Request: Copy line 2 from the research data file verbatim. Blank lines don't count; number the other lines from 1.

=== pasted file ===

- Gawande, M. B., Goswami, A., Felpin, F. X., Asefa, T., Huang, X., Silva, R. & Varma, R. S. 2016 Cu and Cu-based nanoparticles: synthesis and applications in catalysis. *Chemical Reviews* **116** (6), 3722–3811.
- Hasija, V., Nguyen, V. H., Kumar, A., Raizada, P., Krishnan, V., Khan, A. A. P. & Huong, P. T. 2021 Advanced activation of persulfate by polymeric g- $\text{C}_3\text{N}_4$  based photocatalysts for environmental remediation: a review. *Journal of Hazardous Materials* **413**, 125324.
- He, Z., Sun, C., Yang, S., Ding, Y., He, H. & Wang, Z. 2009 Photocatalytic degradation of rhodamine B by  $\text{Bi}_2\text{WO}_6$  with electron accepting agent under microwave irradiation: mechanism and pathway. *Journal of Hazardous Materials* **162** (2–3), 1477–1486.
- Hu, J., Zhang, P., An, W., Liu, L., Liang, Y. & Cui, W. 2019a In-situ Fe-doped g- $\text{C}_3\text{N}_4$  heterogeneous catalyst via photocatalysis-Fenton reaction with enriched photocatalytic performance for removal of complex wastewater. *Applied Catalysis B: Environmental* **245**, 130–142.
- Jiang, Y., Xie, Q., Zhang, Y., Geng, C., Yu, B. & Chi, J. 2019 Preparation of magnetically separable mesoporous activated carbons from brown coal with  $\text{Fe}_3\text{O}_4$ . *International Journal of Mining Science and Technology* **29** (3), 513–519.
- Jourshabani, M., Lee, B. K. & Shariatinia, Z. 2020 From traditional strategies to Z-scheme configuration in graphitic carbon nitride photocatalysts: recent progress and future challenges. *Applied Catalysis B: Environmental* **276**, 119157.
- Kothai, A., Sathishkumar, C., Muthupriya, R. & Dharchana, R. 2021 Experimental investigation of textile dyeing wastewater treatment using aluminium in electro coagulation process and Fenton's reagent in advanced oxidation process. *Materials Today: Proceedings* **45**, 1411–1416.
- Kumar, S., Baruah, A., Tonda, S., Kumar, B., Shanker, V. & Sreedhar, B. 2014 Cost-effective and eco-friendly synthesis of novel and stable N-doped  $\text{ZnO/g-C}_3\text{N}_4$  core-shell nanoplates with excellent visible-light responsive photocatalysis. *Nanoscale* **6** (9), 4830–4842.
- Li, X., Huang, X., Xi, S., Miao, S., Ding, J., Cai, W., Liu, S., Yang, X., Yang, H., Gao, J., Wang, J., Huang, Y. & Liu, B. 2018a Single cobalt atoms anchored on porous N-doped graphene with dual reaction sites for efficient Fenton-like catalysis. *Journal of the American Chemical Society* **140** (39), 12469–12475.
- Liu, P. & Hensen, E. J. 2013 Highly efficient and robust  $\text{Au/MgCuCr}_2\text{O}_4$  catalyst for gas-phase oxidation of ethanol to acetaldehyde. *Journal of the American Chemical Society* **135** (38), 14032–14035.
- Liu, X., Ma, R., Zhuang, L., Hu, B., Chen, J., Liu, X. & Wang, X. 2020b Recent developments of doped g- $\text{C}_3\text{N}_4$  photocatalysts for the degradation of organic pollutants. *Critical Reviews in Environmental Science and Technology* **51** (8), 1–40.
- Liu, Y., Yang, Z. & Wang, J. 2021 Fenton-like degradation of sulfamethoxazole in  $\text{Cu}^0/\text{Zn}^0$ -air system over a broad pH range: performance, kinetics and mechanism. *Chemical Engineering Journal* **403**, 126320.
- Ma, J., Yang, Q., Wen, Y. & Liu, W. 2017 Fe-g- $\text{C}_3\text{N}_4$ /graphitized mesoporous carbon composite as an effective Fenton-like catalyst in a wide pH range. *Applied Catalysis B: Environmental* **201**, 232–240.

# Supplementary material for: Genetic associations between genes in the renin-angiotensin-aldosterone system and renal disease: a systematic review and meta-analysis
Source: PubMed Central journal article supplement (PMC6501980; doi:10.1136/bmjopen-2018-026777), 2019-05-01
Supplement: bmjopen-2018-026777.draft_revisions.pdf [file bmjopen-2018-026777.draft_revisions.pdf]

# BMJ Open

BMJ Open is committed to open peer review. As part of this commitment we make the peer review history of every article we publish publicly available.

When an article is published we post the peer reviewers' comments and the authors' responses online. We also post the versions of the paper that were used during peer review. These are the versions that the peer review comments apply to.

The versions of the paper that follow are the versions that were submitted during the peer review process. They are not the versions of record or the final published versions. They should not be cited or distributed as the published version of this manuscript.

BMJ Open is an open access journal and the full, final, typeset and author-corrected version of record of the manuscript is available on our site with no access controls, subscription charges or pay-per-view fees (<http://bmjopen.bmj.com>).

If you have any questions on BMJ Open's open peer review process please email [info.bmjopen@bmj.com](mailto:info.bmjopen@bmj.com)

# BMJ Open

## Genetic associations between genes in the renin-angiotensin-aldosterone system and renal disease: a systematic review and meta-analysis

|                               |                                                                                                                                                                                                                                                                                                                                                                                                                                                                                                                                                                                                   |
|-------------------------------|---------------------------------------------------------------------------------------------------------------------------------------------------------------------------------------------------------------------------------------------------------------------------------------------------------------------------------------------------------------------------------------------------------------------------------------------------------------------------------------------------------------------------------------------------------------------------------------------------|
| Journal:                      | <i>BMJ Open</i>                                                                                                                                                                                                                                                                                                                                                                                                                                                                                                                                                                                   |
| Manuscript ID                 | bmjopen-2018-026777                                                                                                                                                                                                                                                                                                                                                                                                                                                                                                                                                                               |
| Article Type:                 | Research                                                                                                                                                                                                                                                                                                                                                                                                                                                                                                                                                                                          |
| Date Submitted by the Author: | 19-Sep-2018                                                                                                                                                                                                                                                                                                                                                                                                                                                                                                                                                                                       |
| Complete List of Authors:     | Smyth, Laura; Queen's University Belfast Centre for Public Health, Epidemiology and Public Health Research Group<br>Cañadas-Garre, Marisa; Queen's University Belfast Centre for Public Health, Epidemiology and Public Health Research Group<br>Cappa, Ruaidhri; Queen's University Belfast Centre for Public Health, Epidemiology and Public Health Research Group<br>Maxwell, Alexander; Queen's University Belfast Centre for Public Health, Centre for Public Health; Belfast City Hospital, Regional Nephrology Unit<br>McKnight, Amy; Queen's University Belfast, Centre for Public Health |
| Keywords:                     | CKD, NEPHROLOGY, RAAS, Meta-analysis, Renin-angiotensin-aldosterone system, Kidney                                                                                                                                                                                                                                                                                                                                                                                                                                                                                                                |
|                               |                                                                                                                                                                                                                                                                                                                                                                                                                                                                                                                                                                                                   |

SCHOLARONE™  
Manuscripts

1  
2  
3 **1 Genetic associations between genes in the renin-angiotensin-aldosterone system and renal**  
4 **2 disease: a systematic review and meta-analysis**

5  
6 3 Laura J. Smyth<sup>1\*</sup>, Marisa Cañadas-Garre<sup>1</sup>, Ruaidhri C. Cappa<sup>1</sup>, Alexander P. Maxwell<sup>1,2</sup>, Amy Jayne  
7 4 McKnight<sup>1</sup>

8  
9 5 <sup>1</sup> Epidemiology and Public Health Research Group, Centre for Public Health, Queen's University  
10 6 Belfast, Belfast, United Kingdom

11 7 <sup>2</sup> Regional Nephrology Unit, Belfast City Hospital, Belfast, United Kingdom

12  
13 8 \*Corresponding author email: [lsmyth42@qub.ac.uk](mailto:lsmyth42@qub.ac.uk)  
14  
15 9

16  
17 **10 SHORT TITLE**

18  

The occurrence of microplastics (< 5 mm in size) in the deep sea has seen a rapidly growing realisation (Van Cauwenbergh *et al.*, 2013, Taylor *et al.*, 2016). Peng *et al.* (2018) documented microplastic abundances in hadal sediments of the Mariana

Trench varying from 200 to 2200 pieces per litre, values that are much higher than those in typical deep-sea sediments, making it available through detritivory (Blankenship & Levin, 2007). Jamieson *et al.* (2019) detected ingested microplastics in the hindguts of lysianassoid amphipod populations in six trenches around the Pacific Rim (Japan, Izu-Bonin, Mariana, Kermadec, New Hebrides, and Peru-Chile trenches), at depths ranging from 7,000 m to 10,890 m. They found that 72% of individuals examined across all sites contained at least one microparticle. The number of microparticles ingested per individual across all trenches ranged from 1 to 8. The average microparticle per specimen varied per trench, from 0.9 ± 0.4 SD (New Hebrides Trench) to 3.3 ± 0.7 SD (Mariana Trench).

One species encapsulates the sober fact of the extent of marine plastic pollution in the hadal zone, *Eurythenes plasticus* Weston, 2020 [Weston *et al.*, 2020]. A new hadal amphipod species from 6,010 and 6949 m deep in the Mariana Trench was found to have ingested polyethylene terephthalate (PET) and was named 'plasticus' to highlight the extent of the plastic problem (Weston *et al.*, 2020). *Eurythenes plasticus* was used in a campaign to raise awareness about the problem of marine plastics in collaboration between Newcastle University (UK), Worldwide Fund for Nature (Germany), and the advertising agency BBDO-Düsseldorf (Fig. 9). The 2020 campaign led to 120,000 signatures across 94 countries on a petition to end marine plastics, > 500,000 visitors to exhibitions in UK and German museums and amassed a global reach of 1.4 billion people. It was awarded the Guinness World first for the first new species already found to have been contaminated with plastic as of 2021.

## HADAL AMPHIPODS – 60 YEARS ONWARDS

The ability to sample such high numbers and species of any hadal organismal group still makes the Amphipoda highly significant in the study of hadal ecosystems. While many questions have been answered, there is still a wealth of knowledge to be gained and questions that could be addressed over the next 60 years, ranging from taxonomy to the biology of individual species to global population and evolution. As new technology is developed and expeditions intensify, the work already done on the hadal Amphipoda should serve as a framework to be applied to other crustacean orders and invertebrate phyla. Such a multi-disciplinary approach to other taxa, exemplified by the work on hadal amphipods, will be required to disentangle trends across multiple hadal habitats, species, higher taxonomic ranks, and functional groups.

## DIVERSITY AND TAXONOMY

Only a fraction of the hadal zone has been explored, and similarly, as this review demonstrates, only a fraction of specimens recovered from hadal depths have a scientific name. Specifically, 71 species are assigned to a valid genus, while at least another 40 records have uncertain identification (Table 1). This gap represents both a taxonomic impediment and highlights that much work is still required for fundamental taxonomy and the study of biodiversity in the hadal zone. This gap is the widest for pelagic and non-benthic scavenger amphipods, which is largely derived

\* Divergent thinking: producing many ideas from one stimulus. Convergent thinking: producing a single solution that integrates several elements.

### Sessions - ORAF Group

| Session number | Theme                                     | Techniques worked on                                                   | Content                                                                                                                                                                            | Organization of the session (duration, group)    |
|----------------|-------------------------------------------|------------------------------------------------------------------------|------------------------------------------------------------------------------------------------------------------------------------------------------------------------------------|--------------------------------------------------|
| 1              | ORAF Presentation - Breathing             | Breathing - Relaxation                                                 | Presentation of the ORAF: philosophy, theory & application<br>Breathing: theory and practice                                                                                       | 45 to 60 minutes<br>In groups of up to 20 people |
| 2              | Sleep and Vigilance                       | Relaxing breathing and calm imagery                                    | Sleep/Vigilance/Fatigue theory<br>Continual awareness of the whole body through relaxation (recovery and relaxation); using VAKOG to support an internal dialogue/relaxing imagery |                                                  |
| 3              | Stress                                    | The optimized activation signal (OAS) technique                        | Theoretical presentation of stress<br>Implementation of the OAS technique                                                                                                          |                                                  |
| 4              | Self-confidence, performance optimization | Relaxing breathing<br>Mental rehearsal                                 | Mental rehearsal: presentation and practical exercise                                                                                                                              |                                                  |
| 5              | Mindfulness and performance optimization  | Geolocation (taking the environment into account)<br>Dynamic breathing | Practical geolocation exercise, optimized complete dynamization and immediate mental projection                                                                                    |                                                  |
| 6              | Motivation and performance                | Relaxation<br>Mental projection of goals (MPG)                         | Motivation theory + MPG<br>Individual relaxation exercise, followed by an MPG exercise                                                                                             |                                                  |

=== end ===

- Hasija, V., Nguyen, V. H., Kumar, A., Raizada, P., Krishnan, V., Khan, A. A. P. & Huong, P. T. 2021 Advanced activation of persulfate by polymeric g- $\text{C}_3\text{N}_4$  based photocatalysts for environmental remediation: a review. *Journal of Hazardous Materials* **413**, 125324.